I’d shopped around and bought a selection of drawer slides, but couldn’t find anything shorter than 16 inches locally. Once I had them on the workbench I realized that it really didn’t matter because whatever extended out would need to be hacked off anyway. In the end I picked a 20 inch slider made by KV because it’s two sliding components worked in lock step, which was important to my design.

I removed the stops and hacked it down to just over 10 inches and cut a small section of the inner slider that would run up and down on the sliding bearing, which itself ran inside main track.

This is the start point with the slider on the right

And it extended all the way to the left. Notice the two part slider has moved and not just one piece.

http://www.artoo-detoo.net/gallery/v/build/gadgets/IMG_1339.JPG.html?g2_imageViewsIndex=3

Unfortunately I have to jump a few steps as I didn’t take many photos of my late night tinkering with the lift platform and various iterations of how I tried to move it.

I’d originally added a roller to the top (similar to Wayne’s) which would guide the rope, but in the final design it wasn’t really needed – and currently acts as the end stop.

Right now I have a fixed motor on the lift platform that pulls itself up with a piece of string attached to the top of the slider. It uses gravity to lower itself back down as the motor unwinds the string.

I’m using a small Vex motor, but basically it’s a servo that can continuously rotate, so I can plug it directly into my receiver without the need for a speed controller.

It looks like the platform is sloping in this photo, but I’m hoping it’s just the angle of the shot 🙂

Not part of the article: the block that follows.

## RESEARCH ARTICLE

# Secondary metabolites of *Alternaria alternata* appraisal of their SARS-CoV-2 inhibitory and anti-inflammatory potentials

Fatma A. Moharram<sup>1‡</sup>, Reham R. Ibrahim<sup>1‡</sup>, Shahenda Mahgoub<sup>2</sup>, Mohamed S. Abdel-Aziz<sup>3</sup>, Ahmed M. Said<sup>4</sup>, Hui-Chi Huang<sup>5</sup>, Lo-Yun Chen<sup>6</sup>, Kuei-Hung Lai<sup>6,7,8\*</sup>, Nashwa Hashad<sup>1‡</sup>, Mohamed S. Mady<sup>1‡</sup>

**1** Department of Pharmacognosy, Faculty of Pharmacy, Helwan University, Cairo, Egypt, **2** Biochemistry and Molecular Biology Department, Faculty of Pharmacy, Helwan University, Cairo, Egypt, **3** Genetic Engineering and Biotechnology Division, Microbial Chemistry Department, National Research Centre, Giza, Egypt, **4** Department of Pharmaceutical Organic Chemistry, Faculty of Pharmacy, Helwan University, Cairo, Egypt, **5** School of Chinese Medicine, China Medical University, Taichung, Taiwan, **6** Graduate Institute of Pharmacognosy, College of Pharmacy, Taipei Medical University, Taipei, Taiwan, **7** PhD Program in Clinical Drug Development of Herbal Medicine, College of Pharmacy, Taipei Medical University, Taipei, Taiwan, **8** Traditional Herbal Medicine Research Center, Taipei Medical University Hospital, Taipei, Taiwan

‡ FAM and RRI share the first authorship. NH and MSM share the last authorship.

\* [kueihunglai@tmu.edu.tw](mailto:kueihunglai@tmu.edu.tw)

Here’s a short video of it in action

I have a lot more work to do on this and not sure how well it will work inside Artoo, especially at an angle. My short list of things to work are:

  • Add support to help stop the drawer slide shaking.
  • Extra weight to the platform to help it lower.
  • Make sure it’s all level
  • Limit switches to stop the motor
  • Possibly automate with the PICAXE micro-controller, rather than control it manually via the Futaba transmitter.

In closing I also wanted to mention that I’d experimenting with having a spring loaded wheel on the motor (same position as it is now) that would run along the side of the drawer slide to pull the platform along. I still like the idea and may give it another try later. It definitely had a smoother action and having a wheel on the motor made the lift a little faster – Unfortunately I couldn’t get the spring mechanism to work right.

Posted by Chris on July 22nd, 2008 in Dome, Electronics | 10 Comments

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Life Form Scanner Screen Material

I’ve finished re-installing the pie panels using hinges and servos, so now I’m starting to think again about the gadgets that pop out, like the Life Form Scanner as seen in ESB.

Yesterday at Ace, I found some perforated brass sheet that’s close to the screen material used in the movie. It was $25 and probably big enough to make at least 6 screens. According to the label the product is distributed by K&S Engineering, Stock No. 6412, UPC 6 76116 06412 2.

I’ll have to paint it silver, and the perforated design is not totally accurate but it’s close enough for me.

I’ve also been researching mini/compact power antennas for the Life Form Scanner lift mechanism.

Posted by Chris on July 12th, 2008 in Dome, Electronics | 3 Comments